At home, and in community pandals and mandals, the festival would be celebrated for the next ten days.
With terror threats looming and traffic and police restrictions all over the city, the average joe, jill and little ones paid no heed to any fears. It was life as normal for the city and day one was especially cool as there was next to none of the usual traffic jams.
While large pandals are decorated in bollywood style and medium size ones display creativity in various themes ranging from cricket, global warming, mythology and anything topical - I saw one with posters celebrating the Olympic medal winners - the festival really belongs to the locals of the city, irrespective of religion or status, who are the custodians of this culture.
While most of them were employed in the past by the now shut textile mills, the next generation who did not move out of the city and continue to work in some small jobs, and other traditional maharashtrian residents still hold on to the festival with great devotion and passion. Even the richer and well educated ones who may have migrated, celebrate it in foreign lands too as a link to their heritage.
In the suburbs, almost all the roads were lined with the local kistch art of posters of sponsors products (in this case a well known masala supari/tobbacco brand) and welcome messages that read 'Sarva Ganesh bhaktana hardik swagat'. Welcome to all Ganesh devotees.
The welcome 'committee' playing large size dhol or drum.
A bus stop decorated with a Ganesha in relief. A very hazy picture but that is the best I could manage from a moving vehicle and a phone camera.
Every inch of space on a round fenced garden supports posters of political parties vying for attention and of local sarvajanik (community) Ganesh pandals.
In the 21st century in the commercial capital of India a beast of burden, the bullock cart lugs a large Ganesh idol. But in some weird way it all seems very natural and fits into the wonderful contradictions of the city and nation. The organisers are all dressed in yellow kurtas.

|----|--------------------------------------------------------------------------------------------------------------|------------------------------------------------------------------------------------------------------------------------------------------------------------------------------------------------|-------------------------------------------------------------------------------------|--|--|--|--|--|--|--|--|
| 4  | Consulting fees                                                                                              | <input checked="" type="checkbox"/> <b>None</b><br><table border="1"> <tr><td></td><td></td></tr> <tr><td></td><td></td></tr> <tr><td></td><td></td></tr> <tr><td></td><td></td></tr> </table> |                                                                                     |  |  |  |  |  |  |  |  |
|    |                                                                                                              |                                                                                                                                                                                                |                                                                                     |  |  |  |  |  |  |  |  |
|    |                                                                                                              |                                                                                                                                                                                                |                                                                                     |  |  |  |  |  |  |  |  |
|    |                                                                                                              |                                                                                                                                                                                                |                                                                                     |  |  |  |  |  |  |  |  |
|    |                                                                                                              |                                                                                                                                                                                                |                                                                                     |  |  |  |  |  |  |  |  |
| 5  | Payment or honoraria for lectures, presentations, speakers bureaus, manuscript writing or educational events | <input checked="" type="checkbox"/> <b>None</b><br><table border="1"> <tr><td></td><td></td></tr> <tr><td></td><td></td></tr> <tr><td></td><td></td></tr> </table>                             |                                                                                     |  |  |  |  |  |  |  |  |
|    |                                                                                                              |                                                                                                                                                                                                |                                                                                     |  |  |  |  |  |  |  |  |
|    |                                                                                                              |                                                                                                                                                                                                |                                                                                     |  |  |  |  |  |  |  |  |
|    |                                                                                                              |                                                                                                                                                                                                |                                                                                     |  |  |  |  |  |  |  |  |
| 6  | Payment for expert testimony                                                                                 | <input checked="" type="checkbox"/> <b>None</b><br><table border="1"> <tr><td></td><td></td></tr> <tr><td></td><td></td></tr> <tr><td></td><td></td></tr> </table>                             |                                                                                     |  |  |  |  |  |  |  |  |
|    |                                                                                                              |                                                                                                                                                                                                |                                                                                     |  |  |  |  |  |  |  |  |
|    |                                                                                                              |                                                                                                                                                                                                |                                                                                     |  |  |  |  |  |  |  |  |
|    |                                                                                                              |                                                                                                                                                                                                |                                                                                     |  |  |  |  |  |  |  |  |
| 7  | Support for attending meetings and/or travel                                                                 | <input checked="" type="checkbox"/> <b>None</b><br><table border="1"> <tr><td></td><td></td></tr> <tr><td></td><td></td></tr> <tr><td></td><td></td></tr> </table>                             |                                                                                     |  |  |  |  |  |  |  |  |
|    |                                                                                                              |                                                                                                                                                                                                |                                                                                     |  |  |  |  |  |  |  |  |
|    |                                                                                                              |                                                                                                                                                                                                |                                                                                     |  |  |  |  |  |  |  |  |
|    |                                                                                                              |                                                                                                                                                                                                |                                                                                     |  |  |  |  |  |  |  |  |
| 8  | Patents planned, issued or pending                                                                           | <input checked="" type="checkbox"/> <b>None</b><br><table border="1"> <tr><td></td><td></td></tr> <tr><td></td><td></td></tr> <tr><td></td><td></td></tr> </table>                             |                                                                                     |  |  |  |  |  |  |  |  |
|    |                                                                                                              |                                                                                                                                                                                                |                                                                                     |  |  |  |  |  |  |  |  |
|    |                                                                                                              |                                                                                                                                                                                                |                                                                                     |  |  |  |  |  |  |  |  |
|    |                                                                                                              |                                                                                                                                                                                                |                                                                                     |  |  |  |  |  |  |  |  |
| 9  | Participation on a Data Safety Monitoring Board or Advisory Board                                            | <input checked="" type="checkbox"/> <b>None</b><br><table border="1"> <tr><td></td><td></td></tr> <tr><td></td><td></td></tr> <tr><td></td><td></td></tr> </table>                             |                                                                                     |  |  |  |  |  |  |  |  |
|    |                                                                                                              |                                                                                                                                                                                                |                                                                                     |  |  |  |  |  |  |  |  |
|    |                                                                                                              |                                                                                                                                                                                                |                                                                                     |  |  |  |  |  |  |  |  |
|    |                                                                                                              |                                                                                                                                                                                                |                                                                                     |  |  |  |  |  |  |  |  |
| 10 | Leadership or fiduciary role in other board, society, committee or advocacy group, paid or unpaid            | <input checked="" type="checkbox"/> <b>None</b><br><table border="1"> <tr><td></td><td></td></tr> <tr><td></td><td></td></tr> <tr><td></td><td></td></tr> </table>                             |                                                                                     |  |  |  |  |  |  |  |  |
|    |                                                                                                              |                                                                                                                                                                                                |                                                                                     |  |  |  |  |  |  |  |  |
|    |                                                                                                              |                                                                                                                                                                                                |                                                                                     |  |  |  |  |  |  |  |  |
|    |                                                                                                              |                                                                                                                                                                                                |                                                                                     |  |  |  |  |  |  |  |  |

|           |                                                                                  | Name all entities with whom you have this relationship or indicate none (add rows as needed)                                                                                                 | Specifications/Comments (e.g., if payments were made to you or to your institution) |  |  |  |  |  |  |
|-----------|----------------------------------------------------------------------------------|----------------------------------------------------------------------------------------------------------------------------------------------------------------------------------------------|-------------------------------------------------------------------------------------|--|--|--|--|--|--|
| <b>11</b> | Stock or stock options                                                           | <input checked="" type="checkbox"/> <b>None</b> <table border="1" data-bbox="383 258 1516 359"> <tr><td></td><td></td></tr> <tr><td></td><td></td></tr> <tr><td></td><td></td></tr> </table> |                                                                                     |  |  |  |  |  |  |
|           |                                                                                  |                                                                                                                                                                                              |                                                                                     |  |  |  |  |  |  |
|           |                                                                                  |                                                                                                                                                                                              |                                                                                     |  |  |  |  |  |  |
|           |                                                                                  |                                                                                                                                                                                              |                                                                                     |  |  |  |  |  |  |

While the drummers are in same coloured tees. But have traditional 'topis' (caps) as they play the traditional drum.
Maybe the disasters in the city, the police restrictions on loud music and timings, more awareness of global issues, rising costs or just a cycle of cultural cycle/renewal, I see a distinct shift in the festival celebrations (design, music, themes) from loud and garish to traditional and simple(r).
Tempos like these were seen transporting large and small moortis that would later be installed in pandals and homes. Sharing costs.
I love my Ganesha. A boy hugs the Ganesha he is transporting to its destination, to support and protect it from damage and mishap on the potholed roads. A charming and literal slant to the phrase, Mumbai's beloved deity.
Hand carts, taxis, tempos, personally carrying them, in private cars and SUVs, Ganesha was transported to many homes and pandals across the city where he would reign for anything from a 1.5 day stay (the minimum) to all the 10 days (maximum).
It did not occur to me to take pictures earlier of vignettes I saw. One a figurine in all white with really large prominent ears, pretty as a picture. The other cameo of a community near Prabhadevi, bringing home its ganeshas in a hand- cart. The basic wooden hand pushed kind used by vegatable vendors. As it neared its destination from where the 2-3 moortis would be taken to the respective homes after the ladies did the pooja, the simple humble folk, all dressed in their best clothes and gold in the mid-morning heat. An infant fast asleep on his fathers shoulder blissfully immune to the blazing sun and loud blaring music while yet another, danced on up and down on his fathers shoulders.
This was the welcome. Celebrations and Immersion is another story.